- Weigh everything and create a spreadsheet in excel to track weight.
- Carry high-quality multi-use equipment and avoid carrying back-up gear
- Avoid multiple stuff sacks. Carry everything that needs to stay dry in one larger sil-nylon bag - it will pack easier too.
- Watch how much food you carry - food is often the heaviest burden in the pack.
Most importantly, never compromise safety for the sake of weight - especially as a solo backpacker. If something happens in the backcountry, the only person you depend on is yourself. It's important to have the right gear to back you up.
All hikers and backpackers should carry The Ten Essentials whenever they hit the trail.
Carry a "pealess" emergency whistle around your neck- they work even if they are wet or frozen.
Get HELP with SPOT
Attracting Help as a Solo Hiker
So it happened. You slipped on a log (damn slimy logs) and think you fractured your leg. Unfortunately, there is no group to give you aid and run back and grab a ranger for extrication. Now, what do you do?
These are the questions you have to ask yourself if you are contemplating solo outdoor adventures.
Though a whistle is an essential piece of any hiker's equipment, it is especially important for a solo hiker. Keep a whistle on you at ALL times, just in case you are separated from your pack. You'll be surprised how far the shrill sound of a rescue whistle travels. If you need help just blow your whistle three times every few minutes. Listen for the reply, which is two whistle blasts.
Though cell phones have limitations with reception in the backcountry, satellite messengers like those from SPOT, offer peace of min to solo hikers. SPOT works by relaying your position directly to satellites and has a number of features. Perhaps the best feature is the "check in" feature which sends a signal to people watching your progress back home letting them know you are okay and where you are. In an emergency, you can let Search and Rescue know you need help and inform them of your position .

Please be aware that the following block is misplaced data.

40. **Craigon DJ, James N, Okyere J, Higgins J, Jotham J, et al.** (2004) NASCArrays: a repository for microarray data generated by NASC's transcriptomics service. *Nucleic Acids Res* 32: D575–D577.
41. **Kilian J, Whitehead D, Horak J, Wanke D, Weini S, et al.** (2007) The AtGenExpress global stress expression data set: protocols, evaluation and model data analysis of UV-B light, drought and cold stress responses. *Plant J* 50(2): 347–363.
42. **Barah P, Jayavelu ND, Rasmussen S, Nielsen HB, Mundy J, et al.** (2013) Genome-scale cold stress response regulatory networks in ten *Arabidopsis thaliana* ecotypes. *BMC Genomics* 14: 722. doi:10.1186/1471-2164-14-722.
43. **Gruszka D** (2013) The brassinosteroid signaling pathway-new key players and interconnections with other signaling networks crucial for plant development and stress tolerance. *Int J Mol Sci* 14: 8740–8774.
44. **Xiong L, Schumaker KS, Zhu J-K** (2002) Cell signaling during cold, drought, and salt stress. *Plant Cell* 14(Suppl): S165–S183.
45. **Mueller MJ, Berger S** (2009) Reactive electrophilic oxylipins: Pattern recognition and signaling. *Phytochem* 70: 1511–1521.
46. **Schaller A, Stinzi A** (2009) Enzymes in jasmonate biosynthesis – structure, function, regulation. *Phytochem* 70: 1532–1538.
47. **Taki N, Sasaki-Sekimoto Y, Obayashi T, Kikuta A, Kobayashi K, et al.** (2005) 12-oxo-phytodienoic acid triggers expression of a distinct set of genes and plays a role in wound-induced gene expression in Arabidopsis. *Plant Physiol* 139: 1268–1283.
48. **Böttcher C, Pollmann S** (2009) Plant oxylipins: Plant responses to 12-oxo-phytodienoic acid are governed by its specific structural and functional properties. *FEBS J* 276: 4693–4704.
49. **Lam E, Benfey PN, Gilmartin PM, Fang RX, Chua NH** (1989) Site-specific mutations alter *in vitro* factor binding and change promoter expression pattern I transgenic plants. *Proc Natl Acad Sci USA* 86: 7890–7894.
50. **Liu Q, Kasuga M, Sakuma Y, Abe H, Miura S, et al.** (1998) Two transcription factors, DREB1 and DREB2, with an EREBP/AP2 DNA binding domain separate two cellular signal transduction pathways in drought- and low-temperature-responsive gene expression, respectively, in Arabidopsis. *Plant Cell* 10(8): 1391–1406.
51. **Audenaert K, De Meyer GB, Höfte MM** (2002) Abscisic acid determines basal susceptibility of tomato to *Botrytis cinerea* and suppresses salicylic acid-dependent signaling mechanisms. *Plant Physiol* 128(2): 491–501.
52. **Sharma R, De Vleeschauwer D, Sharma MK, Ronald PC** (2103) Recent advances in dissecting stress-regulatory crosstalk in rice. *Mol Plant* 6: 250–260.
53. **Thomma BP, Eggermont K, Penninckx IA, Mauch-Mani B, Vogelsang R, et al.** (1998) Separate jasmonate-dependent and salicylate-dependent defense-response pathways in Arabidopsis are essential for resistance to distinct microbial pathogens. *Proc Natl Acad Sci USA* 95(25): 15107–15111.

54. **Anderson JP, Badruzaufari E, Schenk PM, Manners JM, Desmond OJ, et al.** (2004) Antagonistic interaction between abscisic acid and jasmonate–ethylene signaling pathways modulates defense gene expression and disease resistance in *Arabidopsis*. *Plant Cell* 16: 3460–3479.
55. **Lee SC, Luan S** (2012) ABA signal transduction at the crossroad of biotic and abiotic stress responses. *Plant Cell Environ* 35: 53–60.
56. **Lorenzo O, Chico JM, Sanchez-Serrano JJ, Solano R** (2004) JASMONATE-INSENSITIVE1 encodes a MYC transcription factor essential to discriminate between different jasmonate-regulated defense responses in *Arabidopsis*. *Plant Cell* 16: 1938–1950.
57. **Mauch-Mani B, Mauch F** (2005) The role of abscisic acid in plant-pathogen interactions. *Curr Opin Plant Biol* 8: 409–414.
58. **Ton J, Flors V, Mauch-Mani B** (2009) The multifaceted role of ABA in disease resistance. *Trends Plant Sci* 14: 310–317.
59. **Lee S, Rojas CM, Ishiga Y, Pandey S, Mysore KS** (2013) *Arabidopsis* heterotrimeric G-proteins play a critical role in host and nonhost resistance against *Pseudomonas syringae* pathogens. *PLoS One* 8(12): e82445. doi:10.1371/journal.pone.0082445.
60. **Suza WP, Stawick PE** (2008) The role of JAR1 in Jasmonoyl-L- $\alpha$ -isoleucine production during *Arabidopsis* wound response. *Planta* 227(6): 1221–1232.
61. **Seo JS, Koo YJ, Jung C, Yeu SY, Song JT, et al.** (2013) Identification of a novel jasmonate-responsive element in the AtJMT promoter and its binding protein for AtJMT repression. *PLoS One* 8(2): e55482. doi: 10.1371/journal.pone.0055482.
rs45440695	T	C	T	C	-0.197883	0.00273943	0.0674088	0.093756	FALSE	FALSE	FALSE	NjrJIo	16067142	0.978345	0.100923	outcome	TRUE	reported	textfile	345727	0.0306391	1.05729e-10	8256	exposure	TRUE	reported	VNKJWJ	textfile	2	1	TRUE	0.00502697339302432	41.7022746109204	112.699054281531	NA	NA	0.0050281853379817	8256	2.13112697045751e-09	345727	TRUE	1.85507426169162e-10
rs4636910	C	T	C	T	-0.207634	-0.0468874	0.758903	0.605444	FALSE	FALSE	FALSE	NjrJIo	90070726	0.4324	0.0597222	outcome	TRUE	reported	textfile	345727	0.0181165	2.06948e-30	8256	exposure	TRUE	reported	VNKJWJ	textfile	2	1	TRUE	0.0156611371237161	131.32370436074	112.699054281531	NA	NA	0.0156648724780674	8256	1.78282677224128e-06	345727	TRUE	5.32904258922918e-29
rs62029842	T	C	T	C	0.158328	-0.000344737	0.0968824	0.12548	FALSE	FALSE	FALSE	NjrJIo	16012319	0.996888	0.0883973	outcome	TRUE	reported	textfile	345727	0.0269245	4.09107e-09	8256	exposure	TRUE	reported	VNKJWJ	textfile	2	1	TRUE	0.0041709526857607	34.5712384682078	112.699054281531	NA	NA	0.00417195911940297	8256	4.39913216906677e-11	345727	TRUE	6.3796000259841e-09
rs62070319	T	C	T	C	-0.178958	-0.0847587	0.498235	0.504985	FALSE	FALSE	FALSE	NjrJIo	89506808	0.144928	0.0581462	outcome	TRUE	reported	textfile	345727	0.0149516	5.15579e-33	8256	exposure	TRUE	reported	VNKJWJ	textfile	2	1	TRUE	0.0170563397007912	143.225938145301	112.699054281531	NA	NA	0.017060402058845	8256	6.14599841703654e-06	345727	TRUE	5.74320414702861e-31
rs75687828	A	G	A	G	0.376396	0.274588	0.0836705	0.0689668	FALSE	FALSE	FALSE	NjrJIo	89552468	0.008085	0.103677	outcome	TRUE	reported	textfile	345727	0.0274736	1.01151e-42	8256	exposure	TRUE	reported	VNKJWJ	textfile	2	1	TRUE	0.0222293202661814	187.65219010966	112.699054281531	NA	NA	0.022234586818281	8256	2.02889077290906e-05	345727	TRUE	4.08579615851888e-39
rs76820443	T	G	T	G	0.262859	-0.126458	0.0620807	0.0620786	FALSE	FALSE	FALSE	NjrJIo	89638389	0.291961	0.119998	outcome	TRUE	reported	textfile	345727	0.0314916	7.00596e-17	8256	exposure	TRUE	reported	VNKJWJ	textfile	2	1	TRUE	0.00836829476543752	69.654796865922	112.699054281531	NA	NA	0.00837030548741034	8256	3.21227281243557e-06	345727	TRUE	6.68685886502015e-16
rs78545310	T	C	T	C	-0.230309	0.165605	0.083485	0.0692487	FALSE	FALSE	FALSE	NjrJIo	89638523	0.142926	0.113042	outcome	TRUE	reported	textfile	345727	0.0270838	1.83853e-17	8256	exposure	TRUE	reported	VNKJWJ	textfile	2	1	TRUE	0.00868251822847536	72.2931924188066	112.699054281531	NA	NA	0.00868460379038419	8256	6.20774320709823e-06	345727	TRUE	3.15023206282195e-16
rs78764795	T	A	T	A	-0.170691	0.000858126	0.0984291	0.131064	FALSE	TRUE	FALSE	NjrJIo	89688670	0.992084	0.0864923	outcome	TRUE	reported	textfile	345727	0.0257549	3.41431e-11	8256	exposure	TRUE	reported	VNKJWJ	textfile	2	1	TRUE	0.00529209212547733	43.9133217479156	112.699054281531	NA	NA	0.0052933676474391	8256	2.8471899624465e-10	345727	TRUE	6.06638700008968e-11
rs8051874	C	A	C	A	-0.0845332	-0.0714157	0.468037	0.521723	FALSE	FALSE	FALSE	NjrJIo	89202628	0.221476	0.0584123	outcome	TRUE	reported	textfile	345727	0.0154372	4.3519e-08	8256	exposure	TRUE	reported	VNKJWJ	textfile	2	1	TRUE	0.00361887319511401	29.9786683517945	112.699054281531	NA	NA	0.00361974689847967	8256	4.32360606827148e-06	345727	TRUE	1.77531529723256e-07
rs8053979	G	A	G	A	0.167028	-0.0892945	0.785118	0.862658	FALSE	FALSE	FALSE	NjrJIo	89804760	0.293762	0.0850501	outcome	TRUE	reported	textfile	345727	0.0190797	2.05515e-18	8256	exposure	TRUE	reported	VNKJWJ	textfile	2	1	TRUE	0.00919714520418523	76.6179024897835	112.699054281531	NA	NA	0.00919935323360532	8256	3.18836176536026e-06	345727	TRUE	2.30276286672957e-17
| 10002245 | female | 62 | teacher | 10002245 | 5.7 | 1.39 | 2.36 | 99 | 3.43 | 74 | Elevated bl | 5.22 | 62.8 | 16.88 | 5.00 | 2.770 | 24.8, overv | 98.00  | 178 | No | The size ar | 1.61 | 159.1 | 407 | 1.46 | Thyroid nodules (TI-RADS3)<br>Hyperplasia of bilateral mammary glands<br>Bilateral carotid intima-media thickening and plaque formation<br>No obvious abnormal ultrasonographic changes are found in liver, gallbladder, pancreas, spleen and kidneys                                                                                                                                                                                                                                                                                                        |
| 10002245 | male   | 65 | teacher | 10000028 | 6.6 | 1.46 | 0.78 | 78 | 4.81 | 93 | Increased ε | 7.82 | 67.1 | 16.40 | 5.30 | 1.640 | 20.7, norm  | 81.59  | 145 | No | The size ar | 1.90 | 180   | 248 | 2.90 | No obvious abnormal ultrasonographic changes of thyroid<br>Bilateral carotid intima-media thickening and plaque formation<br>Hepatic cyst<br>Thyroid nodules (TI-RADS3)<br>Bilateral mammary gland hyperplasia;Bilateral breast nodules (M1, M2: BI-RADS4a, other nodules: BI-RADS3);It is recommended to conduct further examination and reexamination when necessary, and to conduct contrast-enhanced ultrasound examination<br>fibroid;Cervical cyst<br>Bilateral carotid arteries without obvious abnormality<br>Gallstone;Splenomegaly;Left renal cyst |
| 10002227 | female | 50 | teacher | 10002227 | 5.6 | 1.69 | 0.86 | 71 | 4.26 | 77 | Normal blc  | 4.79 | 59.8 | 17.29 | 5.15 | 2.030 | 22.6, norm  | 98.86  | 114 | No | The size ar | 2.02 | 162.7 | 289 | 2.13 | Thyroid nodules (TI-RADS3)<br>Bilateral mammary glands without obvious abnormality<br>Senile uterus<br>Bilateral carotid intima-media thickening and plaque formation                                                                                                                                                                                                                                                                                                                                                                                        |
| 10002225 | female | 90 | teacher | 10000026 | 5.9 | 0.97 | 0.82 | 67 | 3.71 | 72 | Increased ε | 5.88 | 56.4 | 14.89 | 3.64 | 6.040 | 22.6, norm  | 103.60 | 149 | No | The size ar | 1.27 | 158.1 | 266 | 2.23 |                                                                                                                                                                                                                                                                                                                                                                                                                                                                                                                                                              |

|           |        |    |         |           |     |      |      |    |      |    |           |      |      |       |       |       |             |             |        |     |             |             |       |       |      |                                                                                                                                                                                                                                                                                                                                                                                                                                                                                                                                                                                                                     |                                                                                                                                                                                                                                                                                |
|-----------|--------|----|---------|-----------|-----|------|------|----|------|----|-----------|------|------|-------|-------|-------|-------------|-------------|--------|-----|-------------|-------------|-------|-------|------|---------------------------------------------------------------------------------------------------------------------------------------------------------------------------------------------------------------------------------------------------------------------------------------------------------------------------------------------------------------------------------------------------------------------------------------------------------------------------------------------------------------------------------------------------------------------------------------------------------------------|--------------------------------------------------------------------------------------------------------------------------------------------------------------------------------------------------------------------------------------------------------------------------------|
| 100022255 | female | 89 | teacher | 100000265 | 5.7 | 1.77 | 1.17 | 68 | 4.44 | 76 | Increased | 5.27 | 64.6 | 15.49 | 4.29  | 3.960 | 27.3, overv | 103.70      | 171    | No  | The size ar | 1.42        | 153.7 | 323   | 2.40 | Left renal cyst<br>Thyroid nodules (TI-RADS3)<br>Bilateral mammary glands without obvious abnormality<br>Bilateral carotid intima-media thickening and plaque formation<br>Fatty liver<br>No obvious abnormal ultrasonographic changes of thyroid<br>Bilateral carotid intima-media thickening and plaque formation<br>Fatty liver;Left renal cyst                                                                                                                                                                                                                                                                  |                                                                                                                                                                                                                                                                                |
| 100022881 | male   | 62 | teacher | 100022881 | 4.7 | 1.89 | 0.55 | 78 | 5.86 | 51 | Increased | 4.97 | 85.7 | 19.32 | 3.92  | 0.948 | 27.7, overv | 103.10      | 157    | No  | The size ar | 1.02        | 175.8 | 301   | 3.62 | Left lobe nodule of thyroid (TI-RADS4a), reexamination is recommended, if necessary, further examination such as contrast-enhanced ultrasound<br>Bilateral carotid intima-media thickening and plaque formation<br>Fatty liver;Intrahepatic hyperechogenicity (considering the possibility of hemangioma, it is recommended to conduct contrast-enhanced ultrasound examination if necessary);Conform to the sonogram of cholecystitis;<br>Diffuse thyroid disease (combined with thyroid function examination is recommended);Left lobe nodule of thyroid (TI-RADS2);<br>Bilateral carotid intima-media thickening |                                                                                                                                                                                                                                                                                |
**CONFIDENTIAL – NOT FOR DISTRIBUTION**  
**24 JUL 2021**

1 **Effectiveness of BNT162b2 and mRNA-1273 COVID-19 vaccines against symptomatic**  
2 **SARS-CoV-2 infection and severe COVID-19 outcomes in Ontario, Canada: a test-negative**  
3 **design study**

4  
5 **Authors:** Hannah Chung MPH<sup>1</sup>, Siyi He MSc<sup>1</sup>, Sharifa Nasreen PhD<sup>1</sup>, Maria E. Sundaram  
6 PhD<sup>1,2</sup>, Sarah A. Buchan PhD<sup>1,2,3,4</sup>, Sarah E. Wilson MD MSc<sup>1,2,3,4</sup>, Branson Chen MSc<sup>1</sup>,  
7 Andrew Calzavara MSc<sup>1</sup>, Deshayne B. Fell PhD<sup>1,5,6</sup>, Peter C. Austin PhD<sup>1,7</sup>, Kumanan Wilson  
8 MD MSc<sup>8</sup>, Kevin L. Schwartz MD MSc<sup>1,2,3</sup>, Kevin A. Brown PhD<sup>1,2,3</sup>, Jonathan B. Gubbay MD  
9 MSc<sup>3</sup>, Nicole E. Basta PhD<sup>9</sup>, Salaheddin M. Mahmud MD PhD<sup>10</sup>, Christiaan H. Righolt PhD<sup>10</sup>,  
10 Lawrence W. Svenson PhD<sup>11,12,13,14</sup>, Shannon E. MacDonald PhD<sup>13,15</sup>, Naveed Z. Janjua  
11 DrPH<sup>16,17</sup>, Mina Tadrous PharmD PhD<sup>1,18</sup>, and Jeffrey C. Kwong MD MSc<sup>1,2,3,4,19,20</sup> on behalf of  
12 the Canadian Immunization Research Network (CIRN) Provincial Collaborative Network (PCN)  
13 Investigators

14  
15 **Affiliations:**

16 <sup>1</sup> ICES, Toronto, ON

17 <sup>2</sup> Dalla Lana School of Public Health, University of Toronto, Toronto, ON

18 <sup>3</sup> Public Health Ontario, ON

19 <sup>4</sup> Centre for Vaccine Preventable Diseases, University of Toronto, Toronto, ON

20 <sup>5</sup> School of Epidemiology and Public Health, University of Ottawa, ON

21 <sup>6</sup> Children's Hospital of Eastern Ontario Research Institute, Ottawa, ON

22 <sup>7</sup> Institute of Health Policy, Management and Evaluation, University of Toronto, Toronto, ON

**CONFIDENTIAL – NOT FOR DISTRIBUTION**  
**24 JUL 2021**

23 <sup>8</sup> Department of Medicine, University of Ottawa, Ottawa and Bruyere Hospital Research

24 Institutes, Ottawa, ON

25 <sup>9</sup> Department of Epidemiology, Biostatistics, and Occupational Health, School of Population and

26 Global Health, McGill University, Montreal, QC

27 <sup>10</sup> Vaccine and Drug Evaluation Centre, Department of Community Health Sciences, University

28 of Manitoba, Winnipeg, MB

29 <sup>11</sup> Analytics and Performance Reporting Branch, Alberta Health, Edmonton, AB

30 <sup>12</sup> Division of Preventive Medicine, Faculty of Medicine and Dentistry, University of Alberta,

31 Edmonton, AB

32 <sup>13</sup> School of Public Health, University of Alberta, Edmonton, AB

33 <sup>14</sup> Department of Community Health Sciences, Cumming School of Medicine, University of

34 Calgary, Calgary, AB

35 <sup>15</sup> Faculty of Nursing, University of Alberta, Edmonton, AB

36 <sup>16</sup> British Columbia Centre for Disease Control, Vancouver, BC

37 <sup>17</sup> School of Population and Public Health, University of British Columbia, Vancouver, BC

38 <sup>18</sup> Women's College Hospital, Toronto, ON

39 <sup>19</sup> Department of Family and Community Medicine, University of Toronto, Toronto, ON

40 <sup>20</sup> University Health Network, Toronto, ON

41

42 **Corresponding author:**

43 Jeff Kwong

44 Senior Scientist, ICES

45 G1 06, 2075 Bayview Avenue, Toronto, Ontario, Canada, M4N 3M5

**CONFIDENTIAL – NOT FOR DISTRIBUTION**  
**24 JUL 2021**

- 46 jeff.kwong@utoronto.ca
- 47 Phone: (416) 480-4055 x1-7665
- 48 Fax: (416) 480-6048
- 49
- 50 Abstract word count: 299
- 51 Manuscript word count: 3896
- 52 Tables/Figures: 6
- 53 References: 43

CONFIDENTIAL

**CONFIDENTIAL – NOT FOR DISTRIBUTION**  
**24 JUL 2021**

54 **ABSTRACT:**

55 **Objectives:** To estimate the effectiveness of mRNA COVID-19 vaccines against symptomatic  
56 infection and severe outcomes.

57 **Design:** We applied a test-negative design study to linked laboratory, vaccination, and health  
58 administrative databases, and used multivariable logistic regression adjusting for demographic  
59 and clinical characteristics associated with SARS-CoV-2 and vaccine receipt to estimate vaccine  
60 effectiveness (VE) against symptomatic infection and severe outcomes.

As great as SPOT and other personal satellite locators are, they are not an excuse to be foolhardy. These tools are after all, mechanical devices, and though they are very reliable - they are no substitute for common sense.
“Loneliness adds beauty to life. It puts a special burn on sunsets and makes night air smell better.”
Are You Lonesome Tonight?
Many solo hikers have heard the question, "aren't you lonely out there by yourself?"
And though humans are social animals, solo hikers are solo for a purpose and usually do not miss the social experience that hiking can be. So though, they are without social interaction, most soloists are not lonely.